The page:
In April, the Japanese government implemented a nationwide state of emergency to curb the spread of the coronavirus, asking businesses to limit operations. The measure devastated the economy, leading to a historic first quarter GDP contraction of an annualized 3.4% in real terms and has taken a heavy toll on the country’s labor market.
39-year-old Yamada Kazuaki used to work part-time at a food services company in the northern city of Sendai, making about $1,400 a month. But he was let go amid the coronavirus outbreak. Unable to pay his rent, he ended up on the street.
He has been going to the employment office in search of work but has had no luck. Opportunities are limited and competition is fierce. For now, he is collecting garbage for a few dollars a week.
According to the Ministry of Internal Affairs and Communications, just over 66 million people were recorded as being employed in April, a decline of 800,000 from a year ago. Of these, 20.19 million were non-regular employees, including dispatch and part-time workers, down 970,000 from a year ago. This is the largest dip since comparable data became available in January 2014.
Many businesses, particularly in the accommodation and restaurant industries, have for years struggled with a chronic labor shortage, driven by the country’s rapidly aging society. The coronavirus has turned the problem on its head, with these same businesses unable to hire due to the decline in economic activity.
A restaurant in Tokyo’s Chiyoda Ward was hoping to hire new staff in March. But the manager says a 90% plunge in sales forced him to abandon that plan.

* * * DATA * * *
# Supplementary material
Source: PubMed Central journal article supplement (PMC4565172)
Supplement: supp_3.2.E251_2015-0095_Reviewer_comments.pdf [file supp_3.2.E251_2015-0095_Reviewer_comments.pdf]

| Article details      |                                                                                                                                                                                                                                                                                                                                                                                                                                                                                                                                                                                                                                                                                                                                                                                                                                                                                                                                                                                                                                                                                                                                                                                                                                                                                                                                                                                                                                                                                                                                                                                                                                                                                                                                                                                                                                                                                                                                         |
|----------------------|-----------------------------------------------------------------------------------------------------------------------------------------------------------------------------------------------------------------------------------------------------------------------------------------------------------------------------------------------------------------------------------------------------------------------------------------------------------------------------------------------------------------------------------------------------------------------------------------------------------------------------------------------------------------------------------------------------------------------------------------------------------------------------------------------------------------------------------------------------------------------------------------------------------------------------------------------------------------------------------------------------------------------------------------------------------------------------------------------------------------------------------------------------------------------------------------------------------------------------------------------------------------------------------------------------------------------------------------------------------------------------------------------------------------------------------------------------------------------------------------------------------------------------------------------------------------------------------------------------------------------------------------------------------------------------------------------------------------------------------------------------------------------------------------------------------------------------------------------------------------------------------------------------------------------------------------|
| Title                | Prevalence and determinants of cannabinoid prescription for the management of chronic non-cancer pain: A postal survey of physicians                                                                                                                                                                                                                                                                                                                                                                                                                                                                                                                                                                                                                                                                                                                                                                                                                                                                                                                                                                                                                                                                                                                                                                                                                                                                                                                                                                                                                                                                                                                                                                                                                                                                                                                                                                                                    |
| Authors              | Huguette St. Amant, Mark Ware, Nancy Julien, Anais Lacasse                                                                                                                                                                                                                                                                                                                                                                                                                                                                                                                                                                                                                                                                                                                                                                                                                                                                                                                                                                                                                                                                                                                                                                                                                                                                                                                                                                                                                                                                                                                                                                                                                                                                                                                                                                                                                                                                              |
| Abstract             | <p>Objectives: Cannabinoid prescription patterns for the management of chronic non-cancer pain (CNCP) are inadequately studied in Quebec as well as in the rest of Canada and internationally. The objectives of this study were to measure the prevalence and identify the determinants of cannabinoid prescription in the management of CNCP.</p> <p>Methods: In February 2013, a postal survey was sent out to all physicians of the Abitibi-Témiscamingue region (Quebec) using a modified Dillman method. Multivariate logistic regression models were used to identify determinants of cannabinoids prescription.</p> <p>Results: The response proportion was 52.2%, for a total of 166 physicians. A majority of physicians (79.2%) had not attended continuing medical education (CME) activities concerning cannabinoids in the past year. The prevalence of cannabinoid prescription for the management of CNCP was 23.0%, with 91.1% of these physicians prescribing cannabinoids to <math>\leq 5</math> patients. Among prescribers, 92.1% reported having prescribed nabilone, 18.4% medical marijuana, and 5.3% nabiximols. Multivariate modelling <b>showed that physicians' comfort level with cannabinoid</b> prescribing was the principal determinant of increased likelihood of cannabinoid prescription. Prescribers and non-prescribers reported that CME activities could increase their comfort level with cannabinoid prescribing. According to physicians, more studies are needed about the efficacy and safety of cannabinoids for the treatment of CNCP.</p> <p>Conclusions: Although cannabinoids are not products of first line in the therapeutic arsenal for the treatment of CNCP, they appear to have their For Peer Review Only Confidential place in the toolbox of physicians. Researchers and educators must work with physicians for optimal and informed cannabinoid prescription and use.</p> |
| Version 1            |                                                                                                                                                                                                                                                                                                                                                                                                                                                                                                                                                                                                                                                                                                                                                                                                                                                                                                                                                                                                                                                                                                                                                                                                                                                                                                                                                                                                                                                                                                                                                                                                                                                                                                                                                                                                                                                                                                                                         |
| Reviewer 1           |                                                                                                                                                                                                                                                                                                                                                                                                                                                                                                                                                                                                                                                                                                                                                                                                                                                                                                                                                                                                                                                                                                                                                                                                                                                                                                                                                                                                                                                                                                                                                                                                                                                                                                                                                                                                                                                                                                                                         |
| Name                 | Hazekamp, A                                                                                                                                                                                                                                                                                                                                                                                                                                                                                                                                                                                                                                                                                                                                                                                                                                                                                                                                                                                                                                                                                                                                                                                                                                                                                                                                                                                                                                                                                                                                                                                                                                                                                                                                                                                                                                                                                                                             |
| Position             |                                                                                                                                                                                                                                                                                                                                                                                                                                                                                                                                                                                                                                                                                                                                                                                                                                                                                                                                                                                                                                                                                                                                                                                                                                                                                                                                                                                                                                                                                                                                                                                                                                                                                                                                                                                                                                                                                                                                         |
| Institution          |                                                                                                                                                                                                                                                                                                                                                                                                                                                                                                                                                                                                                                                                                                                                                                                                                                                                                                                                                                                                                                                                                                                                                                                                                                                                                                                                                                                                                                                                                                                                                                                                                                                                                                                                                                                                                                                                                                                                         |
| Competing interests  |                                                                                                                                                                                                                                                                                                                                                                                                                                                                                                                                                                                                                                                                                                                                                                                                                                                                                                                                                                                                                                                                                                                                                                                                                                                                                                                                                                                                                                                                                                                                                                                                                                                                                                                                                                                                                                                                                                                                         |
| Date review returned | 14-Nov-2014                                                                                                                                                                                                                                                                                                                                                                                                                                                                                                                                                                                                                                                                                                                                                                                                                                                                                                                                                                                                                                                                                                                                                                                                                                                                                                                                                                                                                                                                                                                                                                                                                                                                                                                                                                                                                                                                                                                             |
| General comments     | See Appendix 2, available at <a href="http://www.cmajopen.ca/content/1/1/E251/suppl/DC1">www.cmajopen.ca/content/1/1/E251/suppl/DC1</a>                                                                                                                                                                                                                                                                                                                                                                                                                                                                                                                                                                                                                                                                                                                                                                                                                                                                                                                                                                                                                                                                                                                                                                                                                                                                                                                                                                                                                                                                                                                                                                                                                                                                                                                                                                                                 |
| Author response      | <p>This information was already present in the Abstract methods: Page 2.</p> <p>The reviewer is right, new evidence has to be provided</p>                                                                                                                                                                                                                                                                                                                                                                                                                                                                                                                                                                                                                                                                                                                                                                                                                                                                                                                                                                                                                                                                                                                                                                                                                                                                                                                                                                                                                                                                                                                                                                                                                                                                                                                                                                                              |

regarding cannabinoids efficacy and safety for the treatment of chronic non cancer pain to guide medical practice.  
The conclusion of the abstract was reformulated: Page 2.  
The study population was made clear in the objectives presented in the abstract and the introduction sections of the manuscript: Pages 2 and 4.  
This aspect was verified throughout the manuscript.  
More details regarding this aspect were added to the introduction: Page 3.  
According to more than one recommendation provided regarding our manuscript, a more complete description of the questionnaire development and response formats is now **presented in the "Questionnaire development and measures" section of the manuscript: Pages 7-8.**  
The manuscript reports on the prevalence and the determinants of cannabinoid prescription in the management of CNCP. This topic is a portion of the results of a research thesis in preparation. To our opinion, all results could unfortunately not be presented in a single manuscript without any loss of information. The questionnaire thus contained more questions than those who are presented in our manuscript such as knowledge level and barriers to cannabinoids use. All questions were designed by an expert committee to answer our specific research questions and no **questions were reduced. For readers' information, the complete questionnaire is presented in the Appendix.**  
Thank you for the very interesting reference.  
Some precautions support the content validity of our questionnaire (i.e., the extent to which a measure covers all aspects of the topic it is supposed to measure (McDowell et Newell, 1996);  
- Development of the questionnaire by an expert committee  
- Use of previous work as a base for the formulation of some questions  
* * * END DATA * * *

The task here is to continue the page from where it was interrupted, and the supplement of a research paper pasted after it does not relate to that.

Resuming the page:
“The virus had a greater impact than I expected,” he says. “I can’t see a future for us at the moment.”
Hoshino Takuya, an economist at Daiichi Life Research Institute, says the worst is yet to come, with nearly 6 million people who are currently suspended from their jobs likely to add to the unemployment figures.
“Companies will try to retain these workers for as long as they can,” he says. “But eventually they will have to cut jobs and this will make the labor market even worse.”
For now, Yamada, the former food services worker, survives on aid from a local nonprofit that supports the homeless. The group walks through Sendai, handing out rice balls and cartons of miso soup to people living in parks, underground passageways, and on the streets.
According to the organization, the majority of the homeless are 60 and older. But due to the economic damage caused by the coronavirus, many younger people are starting to appear on the streets as well.
“Yamada’s situation is not unique,” says Aoki Yasuhiro, the president of the group. “Young people are heavily affected by the situation and face a real risk of ending up on the streets."